SNIP the tops of your herbs as they flower to use in your salads and sauces.

skewers of vegetables
SKEWER vegetables and fruits from your garden to barbecue on your grill. Toss the items in a bowl with olive oil,lemon, and herbs, refrigerate overnight, skewer, grill, enjoy! I use peppers, melons, plums, apples, radishes, zucchini, tomatoes, and mushrooms.

gravel pile
ADD pea gravel to paths for easy walking and to prevent mud run-offs in the winter.
CONTACT Vector Control if you have a mosquito, skunk, or yellow jacket problem. The phone number is (925) 685-9301.
HANG yellow jacket traps ONLY on days that you are having a picnic or outdoor event. If you have traps always engaged, you will attract more yellow jackets.

Happy Gardening! Happy Growing!
Read more with photos
Cynthia Brian
The Goddess Gardener
Starstyle® Productions, llc
Tune into Cynthia’s Radio show at www.StarStyleRadio.net
I am available as a speaker, designer, and consultant.

Hot, Hot, Hot by Cynthia Brian

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Hot, Hot, Hot by Cynthia Brian

lantana, purple

By Cynthia Brian

“There shall be eternal summer in the grateful heart.”
~ Celia Thaxter

When it’s hot outside, I want to be in the garden.  I find it challenging to sit in my office writing articles or producing radio shows when nature beckons me to be nurturing the earth. In summer I spend several hours of every single day digging in the dirt whether it’s early in the morning or after dusk because my chores are never finished.  My gardening wardrobe usually consists of my bathing suit and shorts allowing me a quick cool down with a spray from the garden hose.  As my daughter was working in her garden in her bikini she telephoned to declare that she was carrying on our family tradition. “I realize I come from a long line of bikini gardeners, “ she giggled.  I thought of titling my next gardening book, The Bikini Gardener, but then perhaps readers would expect to see beautiful bikini clad bodies instead of gorgeous gardens. I promise not to be photographed!
Baby, it’s hot outside and we gardeners have work to do.  We have to be water conscious, yet we see the bare spots in our landscape and yearn to make our personal paradise a more beautiful place. What are our options?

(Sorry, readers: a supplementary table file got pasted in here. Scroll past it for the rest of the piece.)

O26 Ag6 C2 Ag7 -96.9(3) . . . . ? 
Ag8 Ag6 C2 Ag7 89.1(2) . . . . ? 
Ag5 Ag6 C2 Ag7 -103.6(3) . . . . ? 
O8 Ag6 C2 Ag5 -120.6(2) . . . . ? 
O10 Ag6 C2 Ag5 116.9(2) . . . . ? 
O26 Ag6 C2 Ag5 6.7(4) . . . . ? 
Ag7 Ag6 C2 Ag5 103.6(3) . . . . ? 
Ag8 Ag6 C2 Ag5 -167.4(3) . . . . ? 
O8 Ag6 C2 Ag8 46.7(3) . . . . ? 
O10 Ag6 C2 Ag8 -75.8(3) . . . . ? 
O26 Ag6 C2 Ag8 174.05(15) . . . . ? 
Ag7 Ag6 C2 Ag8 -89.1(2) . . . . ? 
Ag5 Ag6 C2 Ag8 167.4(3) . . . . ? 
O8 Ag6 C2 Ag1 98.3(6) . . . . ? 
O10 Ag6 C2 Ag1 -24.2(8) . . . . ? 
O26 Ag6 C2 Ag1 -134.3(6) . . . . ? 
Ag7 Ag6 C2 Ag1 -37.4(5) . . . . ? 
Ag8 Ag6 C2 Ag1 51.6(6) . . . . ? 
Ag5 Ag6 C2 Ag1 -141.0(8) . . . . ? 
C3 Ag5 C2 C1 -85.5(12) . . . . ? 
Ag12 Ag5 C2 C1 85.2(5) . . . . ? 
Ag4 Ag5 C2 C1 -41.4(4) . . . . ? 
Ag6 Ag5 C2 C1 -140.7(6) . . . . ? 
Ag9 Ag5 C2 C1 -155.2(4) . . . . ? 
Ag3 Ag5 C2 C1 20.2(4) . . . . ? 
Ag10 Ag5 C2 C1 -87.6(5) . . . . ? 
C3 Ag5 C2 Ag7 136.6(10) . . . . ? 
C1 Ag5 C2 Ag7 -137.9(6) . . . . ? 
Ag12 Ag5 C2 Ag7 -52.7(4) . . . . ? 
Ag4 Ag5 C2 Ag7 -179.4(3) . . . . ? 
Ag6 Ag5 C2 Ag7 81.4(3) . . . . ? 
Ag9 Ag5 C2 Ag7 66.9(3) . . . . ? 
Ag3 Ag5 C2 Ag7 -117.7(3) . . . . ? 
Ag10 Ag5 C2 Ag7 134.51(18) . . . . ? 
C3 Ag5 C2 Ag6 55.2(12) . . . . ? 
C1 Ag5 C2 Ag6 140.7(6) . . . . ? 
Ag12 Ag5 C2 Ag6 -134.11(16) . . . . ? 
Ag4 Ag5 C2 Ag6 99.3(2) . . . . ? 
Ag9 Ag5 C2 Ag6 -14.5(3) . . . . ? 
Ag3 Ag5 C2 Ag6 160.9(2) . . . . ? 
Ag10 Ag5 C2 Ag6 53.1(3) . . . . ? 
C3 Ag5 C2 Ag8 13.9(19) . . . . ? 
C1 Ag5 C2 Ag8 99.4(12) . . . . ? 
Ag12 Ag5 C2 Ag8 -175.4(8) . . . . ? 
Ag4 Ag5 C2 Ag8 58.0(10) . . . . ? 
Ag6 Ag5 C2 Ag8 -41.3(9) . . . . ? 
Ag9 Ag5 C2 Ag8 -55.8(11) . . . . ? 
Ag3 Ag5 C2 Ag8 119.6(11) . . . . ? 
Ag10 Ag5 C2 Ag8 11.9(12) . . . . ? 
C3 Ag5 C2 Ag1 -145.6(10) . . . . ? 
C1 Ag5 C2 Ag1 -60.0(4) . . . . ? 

Planting annuals and perennials offer the answers to filling in those areas that just never seem to seed well.  Between the turkeys, deer, and raccoons, our landscapes have many hurdles to overcome and I’m determined to continue to find ways to succeed.

Here are a few of my favorite recommendations for adding sparkle, individuality, and excitement without the extra water and work this season.

⎫ Sun loving vinca (Catharanthus roseus) crave six hours of sunlight a day and do well in extreme heat. Colors are violet, peach, white, and bright pink. Lately I’ve seen these annuals on sale at garden centers for as little as $4.50 a gallon or three for $12.00 offering a kaleidoscope of shades at bargain prices.
⎫ Lantana once established needs minimal water or maintenance. Butterflies, hummingbirds, and bees are attracted to the highly scented flowers, although some humans find the plant stinky. The deer are repelled by lantana. Some cultivars have variegated leaves, all are evergreen, blooming all year long. Trailing lantana is terrific on hillsides and spilling out of containers or buy the shrub variety growing wide and high to three to ten feet. Multi-colors include orange, yellow, purple, pink, and white.
⎫ Looking for an easy-care container garden? Consider the Deckorations™ Collection from JBerry Nursery.  Combinations of the highest quality plants paired with stylish,functional containers make for turn-key patio prettiness. I have the lantana, azaleas, and hibiscus.  www.jberrynursery.com
⎫ Have you ever grown okra? Experiment with seeds from Botanical Interests (www.BotanicalInterests.com) These spineless productive plants boast flowers that resemble hollyhocks with pods that are full bodied and delectable, especially in gumbo.
⎫ None of the marauding animals seem to be interested in nasturtiums, making them an excellent choice when you are looking for a creeping specimen with edible leaves and flowers. Seeds from Rene’s Garden (www.RenesGarden.com) are strong and sturdy. I use the big lily pad looking leaves as wraps instead of bread and the flowers embellish my salads and plates. In the heat of summer, nasturtiums die back. Collect the seeds to plant in other areas or give away to friends. Seeds self-sow where they drop offering you another delicious and pretty crop.
⎫ Sunflowers make me happy. Their big bright cheery faces stand tall at the back of a garden reminding us that summer is in full swing. When dry, eat the seeds or share them with the birds. Combine hydrangeas with sunflowers for a spectacular cut flower arrangement.
⎫ If you want to plant a native tree that will thrive in our area with no care and even less H20 while flowering for a couple of months with fronds of creamy crape myrtle like flowers, try a California buckeye (Aesculus californic).  Buckeyes are endemic to California hillsides, creeks, and canyons. Add one or three to spice up your yard.

white roses